The supporting performances in Part 6 are better across the board than anything in Part 5, specifically Bradford English but also Leo Geter – whose early 80’s roles included Footloose and Silent Night, Deadly Night – as the acerbic radio shock-jock Barry Simms. It is often the work of professional actors like these – non-household names in small supporting roles – that serves to elevate a movie into something more entertaining than it otherwise might have been. I think many moviegoers fail to recognize this or the efforts of the players. Hopefully we have been able to bring attention to a few of these performers in our Halloween reviews.
We are also treated to more of the lush Haddonfield scenery, from the eerie, small-town bus station to the leaf strewn yards of autumn in the Midwest. Unfortunately, the narrative eventually had to move from Haddonfield proper back to the underground lair from the film’s opening, and this is where things begin to get murky. The theatrical cut includes a scene where Myers goes apeshit and starts slaughtering his Druid keepers and doctors. It’s cool to look at it, but contextually I am not sure where we are going. What is the Man in Black and his Thorn cult ultimately trying to perpetuate? What are the respective fates of Jamie’s baby, Michael, and Dr. Loomis? All of this is left open to individual interpretation. I stand by my assertion that the theatrical cut of Halloween 6 is a case of making the most of an undesirable situation, but it’s still an enjoyable film. It also represents an elegy of sorts for Halloween – at least to those of us who knew it in the eighties – because the next installment would indeed be a reboot. And as much I do sincerely enjoy Halloween 6 for what it is, the reboot was probably necessary at that point, but we’ll tackle that later. Happy Trick or Treating.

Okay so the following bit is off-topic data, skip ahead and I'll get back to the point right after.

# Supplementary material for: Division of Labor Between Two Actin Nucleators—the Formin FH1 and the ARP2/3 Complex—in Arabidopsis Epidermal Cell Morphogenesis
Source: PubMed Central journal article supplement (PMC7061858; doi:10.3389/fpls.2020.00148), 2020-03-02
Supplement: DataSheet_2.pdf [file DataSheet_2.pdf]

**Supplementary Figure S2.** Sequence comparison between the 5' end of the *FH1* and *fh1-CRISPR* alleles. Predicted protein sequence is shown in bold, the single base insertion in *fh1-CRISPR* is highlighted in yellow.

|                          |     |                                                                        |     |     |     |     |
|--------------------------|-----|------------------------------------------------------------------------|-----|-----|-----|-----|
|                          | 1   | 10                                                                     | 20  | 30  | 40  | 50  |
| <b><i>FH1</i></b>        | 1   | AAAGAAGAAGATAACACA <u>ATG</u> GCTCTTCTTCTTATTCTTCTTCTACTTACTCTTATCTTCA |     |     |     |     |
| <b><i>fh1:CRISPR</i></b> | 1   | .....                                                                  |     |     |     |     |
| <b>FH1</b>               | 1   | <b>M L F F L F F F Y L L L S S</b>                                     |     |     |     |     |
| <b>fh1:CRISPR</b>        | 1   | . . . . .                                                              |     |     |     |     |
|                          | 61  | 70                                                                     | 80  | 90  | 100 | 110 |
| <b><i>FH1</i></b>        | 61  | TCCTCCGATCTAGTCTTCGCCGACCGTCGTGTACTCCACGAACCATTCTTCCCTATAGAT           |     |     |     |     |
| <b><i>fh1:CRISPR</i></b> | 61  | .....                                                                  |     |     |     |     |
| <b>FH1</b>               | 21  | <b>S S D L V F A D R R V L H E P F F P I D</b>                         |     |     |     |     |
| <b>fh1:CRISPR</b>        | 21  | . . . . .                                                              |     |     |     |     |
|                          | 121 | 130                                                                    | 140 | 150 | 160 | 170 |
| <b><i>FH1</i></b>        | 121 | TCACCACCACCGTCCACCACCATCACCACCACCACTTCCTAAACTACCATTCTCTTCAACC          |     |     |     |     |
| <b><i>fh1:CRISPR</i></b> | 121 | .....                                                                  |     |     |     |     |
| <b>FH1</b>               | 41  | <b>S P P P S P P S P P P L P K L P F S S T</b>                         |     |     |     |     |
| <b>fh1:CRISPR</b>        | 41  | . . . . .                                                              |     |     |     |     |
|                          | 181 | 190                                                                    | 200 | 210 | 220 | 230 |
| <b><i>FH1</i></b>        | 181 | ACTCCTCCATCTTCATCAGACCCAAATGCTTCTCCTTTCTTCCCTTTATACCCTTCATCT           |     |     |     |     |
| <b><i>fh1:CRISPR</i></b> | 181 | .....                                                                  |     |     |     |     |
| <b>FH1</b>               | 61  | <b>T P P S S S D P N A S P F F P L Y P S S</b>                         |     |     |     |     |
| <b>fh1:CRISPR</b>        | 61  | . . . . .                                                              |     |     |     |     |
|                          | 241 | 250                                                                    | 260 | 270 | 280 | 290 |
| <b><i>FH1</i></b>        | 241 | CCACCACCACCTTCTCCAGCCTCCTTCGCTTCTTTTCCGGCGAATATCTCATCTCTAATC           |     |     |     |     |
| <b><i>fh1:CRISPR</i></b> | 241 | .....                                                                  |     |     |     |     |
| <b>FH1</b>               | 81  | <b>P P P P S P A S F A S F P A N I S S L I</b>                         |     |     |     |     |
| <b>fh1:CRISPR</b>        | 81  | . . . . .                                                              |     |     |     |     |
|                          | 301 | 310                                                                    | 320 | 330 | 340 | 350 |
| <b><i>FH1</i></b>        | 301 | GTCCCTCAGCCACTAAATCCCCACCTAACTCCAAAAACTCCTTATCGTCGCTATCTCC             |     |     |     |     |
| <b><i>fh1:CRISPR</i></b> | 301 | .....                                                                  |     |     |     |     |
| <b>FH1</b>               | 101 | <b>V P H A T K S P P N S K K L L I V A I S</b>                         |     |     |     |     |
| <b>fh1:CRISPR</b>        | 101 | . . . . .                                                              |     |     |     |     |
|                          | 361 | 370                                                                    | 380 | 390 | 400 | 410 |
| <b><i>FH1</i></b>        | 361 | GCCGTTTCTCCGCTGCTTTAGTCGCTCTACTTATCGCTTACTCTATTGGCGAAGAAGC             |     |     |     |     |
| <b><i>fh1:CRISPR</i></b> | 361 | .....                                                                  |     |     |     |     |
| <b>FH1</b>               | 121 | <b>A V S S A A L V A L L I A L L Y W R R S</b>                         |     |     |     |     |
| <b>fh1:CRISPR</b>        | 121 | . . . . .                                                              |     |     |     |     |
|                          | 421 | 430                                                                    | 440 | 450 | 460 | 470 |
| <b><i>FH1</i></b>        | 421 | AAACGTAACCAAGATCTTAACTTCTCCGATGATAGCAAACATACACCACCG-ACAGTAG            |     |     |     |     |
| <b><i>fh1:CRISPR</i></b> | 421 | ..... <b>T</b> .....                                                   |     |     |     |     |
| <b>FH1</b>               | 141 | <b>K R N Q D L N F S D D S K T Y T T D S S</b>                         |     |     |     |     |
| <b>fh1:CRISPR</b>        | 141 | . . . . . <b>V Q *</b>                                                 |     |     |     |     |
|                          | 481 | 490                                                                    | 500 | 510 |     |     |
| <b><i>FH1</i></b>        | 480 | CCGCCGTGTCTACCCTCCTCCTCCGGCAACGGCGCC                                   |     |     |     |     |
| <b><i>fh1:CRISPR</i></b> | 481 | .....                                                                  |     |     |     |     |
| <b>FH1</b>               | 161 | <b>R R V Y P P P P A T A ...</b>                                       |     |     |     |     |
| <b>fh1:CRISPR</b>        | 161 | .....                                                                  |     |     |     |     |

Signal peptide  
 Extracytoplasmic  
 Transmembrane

*The ending of the theatrical cut certainly leaves something to be desired, but… for years I had read how the Producer’s Cut was the better film and answered all of the questions that begged an answer. This turned out to be patently untrue. The ending of the Producer’s Cut is mystifyingly senseless, serving only to create more questions and answering nothing at all. I like a few of the smaller touches of the Producer’s Cut, but The Doctor is going to go against the grain and state that I prefer the theatrical cut. As both are now available, you can make your own decision.
**Sadly, Danielle Harris did not return as the now teenaged Jamie in Halloween 6. The Doctor does not mean to discredit J.C. Brandy, who gave a decent performance in the few scenes that she appeared in. Still, it’s worth mentioning because it was a clear slight to Harris – who was wonderful as Jamie in the earlier films – and the fans, who love seeing the original performer reprise a role. There are rumors on the interwebs about how this came about, the most prevalent – and likeliest – being that the cheapskate bastards who made this film wouldn’t pay Harris her meager asking salary. Fucking bean counters.